In order to get started we just have to define the build environment and start with a build container which can look like this in a minimal version:

func main() {
    ctx := context.Background()

    client, err := dagger.Connect(&ctx, dagger.WithLogOutput(os.Stdout)) (1)
    if nil != err {

    defer client.Close()

    build(&ctx, client)

func build(ctx *context.Context, client *dagger.Client) error {
    fmt.Println("Building with Dagger")

    src := client.Host().Directory(".", dagger.HostDirectoryOpts{ (2)
        Exclude: []string{"ci/"},

    const buildPath = "build/"

    golang := client. (3)
        Pipeline("Build application").
        WithDirectory("/src", src).
        WithExec([]string{"go", "build", "-o", path.Join(buildPath, "todo-showcase")})

    output := golang.Directory(buildPath)

    _, err := output.Export(*ctx, buildPath) (4)
    if nil != err {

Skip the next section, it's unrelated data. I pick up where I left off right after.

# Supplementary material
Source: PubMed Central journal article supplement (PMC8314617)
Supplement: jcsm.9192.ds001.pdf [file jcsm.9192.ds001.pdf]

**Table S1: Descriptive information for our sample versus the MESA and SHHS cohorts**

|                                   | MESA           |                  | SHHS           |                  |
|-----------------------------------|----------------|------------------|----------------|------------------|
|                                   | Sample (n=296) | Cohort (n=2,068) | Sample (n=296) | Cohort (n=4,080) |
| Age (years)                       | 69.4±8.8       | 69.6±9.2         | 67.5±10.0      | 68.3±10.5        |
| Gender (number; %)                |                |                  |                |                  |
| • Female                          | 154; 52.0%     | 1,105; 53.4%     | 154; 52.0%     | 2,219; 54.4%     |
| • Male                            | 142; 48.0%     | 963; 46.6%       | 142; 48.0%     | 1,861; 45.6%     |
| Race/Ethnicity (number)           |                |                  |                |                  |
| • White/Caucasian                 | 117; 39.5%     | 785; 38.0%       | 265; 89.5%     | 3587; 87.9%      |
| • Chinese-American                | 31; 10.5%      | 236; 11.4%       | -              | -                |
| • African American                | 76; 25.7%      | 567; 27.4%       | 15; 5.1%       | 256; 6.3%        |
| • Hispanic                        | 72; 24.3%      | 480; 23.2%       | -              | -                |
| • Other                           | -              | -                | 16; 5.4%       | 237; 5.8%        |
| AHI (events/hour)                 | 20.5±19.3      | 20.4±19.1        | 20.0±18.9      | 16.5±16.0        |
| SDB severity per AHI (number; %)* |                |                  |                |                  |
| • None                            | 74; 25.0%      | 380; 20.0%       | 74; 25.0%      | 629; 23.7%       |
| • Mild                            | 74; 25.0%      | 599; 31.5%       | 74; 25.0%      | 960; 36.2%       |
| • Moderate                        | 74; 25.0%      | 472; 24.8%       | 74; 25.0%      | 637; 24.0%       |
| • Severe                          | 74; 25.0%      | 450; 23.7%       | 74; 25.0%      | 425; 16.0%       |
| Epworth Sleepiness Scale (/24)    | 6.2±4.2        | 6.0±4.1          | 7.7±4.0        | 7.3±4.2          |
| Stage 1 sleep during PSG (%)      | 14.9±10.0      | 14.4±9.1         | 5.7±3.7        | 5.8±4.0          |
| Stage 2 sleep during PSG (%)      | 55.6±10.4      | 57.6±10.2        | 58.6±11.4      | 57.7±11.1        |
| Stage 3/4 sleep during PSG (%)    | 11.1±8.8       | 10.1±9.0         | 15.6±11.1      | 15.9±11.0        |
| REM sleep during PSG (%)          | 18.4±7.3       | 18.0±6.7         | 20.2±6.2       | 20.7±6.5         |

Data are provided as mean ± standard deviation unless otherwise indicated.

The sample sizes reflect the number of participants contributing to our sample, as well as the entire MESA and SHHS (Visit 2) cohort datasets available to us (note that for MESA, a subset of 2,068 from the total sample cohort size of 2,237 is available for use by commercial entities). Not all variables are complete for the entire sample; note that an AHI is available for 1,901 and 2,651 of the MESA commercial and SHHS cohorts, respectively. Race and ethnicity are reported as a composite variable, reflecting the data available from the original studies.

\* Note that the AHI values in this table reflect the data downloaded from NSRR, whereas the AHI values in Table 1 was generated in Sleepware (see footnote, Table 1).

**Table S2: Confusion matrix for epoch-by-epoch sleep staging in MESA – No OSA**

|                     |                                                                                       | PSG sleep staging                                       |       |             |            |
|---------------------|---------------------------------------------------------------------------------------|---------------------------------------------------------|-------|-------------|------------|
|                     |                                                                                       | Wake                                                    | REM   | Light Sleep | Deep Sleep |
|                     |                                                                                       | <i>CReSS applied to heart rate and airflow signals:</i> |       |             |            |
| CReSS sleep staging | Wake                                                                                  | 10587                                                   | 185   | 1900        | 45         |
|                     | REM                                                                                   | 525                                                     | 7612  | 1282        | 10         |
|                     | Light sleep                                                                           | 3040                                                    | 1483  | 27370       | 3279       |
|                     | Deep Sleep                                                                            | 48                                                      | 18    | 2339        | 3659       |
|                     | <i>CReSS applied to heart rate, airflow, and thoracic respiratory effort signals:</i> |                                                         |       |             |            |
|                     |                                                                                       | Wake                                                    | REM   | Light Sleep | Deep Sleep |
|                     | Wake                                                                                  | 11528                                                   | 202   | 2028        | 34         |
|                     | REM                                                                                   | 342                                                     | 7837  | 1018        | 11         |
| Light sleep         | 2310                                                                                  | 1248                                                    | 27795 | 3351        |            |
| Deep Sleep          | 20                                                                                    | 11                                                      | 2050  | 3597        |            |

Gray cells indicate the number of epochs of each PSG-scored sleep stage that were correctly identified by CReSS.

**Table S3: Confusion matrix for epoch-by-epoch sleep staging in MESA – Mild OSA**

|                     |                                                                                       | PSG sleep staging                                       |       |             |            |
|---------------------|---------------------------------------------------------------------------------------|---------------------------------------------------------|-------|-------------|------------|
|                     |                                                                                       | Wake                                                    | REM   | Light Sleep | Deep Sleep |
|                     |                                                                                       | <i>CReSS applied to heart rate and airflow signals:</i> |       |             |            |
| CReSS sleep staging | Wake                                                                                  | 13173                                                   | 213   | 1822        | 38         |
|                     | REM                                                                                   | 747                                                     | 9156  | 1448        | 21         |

return err

    return nil
1 Connecting the client automatically checks if the Dagger engine is running and starts it otherwise
2 Our source directory includes everything besides the stuff underneath ci
3 The next few lines are just Containerfile commands called from Golang
4 And finally run out pipeline

How to publish?

Publishing images works quite similar to the build step. This time Dagger requires us to provide a container as a blueprint for the actual output artifact and once we pass it it happily assembles everything together.

Containers can also be just supplied by file, so we are using that approach in the next code example:

func WithCustomRegistryAuth(client *dagger.Client registryUrl string) dagger.WithContainerFunc { (5)
    return func(container *dagger.Container) *dagger.Container {
        token, exists := os.LookupEnv("REGISTRY_TOKEN")
        if exists {
            return container.WithRegistryAuth(registryUrl,
                client.SetSecret("REGISTRY_TOKEN", token))
        return container

func publish(ctx *context.Context, client *dagger.Client) {
    fmt.Println("Publishing with Dagger")

    const registryUrl = ""
    const tag = "0.1"

    _, err := client.
        Pipeline("Publish to registry").
        DockerBuild(dagger.DirectoryDockerBuildOpts{ (1)
            Dockerfile: "./ci/Containerfile.dagger",
            BuildArgs: []dagger.BuildArg{ (2)